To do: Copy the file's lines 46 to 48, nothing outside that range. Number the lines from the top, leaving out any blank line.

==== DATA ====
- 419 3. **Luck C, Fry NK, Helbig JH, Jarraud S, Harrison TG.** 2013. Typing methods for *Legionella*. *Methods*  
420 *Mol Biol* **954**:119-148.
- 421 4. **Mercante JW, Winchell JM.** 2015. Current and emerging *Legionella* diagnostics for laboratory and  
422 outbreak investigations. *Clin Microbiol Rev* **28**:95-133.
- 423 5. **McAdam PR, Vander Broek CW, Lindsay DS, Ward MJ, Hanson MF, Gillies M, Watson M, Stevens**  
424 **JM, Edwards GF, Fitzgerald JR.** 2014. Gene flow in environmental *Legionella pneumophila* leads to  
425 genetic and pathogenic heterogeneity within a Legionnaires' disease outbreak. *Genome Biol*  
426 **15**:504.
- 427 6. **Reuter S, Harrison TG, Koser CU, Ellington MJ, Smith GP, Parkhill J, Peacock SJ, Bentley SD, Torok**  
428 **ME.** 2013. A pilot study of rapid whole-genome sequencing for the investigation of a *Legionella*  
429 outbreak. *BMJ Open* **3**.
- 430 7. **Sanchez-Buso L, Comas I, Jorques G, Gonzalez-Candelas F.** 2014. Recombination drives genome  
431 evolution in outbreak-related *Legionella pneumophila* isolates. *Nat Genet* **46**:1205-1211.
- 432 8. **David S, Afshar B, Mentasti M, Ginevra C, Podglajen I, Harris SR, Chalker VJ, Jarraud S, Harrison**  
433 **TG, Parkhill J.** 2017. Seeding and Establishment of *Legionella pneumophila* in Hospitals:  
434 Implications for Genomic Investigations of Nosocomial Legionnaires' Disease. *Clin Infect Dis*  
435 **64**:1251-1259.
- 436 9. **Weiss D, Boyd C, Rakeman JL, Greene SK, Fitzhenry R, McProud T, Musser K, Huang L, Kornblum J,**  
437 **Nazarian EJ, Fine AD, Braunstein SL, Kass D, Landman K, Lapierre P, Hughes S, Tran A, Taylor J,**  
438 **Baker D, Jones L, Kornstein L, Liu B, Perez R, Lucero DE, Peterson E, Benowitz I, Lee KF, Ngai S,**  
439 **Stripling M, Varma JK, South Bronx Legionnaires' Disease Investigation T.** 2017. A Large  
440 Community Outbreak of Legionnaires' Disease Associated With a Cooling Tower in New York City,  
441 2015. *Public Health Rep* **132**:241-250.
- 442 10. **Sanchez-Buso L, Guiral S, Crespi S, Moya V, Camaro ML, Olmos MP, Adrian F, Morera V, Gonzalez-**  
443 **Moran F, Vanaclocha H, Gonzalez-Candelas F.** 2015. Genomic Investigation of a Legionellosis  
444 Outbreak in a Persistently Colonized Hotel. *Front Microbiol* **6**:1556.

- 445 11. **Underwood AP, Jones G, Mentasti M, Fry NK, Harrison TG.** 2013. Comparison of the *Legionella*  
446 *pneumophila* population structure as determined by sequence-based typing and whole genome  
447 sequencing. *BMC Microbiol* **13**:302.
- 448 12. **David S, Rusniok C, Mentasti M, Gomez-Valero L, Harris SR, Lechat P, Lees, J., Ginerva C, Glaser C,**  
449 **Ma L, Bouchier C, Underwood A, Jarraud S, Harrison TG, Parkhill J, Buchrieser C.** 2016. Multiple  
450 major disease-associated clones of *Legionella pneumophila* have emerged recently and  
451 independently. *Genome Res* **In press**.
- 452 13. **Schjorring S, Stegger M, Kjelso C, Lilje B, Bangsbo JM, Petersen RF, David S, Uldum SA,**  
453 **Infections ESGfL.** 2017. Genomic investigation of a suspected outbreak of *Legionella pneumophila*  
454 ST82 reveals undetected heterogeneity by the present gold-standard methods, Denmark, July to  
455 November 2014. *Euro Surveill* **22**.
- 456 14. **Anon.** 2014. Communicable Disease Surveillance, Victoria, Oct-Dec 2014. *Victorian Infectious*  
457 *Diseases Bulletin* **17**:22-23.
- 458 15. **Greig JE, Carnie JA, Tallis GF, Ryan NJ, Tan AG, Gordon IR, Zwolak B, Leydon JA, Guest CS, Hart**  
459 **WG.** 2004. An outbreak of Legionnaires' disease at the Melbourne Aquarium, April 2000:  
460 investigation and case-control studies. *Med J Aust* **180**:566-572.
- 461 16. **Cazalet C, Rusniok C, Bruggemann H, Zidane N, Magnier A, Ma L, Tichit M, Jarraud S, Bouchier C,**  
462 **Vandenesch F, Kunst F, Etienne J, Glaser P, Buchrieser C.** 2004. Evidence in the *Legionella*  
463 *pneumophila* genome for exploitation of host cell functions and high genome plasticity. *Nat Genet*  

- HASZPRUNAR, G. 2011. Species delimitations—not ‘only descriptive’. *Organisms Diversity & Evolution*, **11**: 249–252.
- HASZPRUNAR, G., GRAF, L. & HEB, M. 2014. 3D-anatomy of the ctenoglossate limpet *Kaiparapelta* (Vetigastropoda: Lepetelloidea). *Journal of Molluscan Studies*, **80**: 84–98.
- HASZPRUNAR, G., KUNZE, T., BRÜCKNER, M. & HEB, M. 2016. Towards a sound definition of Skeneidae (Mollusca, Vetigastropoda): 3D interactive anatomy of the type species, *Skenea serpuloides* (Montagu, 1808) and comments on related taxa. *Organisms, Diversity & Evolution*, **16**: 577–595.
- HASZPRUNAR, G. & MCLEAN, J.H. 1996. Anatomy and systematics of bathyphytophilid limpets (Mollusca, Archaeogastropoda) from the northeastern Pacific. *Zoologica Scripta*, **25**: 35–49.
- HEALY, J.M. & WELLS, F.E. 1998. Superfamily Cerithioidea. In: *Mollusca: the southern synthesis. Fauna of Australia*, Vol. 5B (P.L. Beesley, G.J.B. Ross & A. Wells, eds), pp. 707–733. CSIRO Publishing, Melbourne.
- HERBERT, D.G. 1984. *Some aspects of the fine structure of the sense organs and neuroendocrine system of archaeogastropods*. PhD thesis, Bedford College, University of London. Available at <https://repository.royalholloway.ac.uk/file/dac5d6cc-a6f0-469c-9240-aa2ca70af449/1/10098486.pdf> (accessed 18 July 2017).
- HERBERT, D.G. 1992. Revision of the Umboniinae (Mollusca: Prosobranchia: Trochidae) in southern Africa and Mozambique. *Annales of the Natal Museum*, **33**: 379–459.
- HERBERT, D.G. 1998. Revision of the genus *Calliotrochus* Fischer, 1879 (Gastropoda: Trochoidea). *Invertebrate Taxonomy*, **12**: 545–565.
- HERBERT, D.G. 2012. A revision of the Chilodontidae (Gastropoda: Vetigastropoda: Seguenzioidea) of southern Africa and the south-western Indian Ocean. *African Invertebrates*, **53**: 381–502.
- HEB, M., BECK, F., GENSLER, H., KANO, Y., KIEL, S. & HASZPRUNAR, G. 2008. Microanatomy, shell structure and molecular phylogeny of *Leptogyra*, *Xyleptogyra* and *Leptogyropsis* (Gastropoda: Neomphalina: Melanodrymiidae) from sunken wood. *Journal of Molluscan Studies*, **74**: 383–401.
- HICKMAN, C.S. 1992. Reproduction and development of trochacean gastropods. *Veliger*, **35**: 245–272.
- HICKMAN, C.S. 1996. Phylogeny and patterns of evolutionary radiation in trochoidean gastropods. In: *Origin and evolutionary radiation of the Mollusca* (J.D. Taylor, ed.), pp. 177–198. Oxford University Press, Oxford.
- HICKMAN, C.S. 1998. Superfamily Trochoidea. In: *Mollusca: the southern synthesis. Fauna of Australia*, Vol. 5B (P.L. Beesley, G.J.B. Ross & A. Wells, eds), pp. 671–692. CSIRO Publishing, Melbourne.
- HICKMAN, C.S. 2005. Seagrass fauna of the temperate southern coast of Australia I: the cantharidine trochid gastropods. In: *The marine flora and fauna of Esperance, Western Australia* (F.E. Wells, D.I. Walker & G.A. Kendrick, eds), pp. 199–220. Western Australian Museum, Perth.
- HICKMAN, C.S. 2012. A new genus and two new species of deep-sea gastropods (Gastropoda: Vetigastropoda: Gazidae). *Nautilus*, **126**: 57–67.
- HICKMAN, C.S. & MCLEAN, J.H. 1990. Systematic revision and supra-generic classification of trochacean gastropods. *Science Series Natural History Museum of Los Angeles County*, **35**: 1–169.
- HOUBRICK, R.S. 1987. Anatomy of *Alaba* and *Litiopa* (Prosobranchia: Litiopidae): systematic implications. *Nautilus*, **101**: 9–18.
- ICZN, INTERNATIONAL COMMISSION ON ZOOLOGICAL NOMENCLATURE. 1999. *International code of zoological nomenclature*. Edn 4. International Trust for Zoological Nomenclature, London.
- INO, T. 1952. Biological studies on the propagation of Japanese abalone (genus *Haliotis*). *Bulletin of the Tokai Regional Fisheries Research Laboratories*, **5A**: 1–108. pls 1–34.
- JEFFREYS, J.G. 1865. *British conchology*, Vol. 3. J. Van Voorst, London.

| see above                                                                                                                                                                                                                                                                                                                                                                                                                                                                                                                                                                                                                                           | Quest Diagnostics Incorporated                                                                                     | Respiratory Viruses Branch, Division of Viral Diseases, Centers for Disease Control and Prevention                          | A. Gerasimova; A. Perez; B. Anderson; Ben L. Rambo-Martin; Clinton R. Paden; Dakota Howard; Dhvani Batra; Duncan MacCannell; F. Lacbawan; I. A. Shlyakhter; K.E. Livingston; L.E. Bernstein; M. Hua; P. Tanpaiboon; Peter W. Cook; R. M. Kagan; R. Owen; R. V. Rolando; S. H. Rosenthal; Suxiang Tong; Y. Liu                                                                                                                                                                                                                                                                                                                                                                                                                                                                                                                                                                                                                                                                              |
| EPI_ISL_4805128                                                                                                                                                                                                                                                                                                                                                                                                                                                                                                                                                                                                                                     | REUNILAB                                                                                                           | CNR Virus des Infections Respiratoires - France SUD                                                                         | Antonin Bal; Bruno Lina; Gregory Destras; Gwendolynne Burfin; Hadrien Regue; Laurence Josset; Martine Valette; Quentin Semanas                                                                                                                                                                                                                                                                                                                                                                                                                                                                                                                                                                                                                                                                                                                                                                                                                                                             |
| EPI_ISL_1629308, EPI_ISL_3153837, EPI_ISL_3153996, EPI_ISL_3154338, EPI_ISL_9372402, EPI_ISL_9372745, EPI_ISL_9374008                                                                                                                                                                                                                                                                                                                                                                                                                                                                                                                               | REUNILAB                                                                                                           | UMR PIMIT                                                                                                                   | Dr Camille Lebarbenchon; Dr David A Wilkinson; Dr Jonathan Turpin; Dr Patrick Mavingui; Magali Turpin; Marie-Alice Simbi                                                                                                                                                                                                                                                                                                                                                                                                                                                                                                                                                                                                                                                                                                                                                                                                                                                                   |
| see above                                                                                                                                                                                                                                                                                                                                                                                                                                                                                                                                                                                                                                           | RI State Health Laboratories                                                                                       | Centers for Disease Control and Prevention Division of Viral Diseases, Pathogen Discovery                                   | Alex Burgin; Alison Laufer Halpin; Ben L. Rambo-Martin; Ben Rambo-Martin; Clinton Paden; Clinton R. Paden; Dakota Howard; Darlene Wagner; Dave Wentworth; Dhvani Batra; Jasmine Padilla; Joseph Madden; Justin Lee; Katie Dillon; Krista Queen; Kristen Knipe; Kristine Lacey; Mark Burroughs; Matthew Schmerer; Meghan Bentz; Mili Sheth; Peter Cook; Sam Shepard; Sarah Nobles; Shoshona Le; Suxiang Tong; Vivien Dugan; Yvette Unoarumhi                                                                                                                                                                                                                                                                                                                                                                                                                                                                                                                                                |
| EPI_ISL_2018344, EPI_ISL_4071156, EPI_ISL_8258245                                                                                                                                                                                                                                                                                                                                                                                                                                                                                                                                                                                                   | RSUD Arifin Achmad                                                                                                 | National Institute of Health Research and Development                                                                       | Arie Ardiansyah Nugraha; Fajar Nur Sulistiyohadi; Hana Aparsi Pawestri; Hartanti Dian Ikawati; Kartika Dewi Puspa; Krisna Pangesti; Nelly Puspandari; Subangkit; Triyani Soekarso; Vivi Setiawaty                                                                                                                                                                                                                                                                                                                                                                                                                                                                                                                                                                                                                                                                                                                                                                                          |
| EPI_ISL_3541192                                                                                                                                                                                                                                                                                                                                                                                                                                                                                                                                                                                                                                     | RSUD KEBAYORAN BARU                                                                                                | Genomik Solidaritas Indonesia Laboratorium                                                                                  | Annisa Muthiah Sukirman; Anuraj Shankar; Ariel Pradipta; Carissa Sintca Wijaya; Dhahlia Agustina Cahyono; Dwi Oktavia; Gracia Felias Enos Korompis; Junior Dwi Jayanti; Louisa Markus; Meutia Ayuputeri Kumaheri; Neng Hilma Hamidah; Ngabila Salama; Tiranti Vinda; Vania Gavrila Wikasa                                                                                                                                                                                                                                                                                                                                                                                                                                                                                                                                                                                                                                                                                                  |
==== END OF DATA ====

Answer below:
- HASZPRUNAR, G. 2011. Species delimitations—not ‘only descriptive’. *Organisms Diversity & Evolution*, **11**: 249–252.
- HASZPRUNAR, G., GRAF, L. & HEB, M. 2014. 3D-anatomy of the ctenoglossate limpet *Kaiparapelta* (Vetigastropoda: Lepetelloidea). *Journal of Molluscan Studies*, **80**: 84–98.
- HASZPRUNAR, G., KUNZE, T., BRÜCKNER, M. & HEB, M. 2016. Towards a sound definition of Skeneidae (Mollusca, Vetigastropoda): 3D interactive anatomy of the type species, *Skenea serpuloides* (Montagu, 1808) and comments on related taxa. *Organisms, Diversity & Evolution*, **16**: 577–595.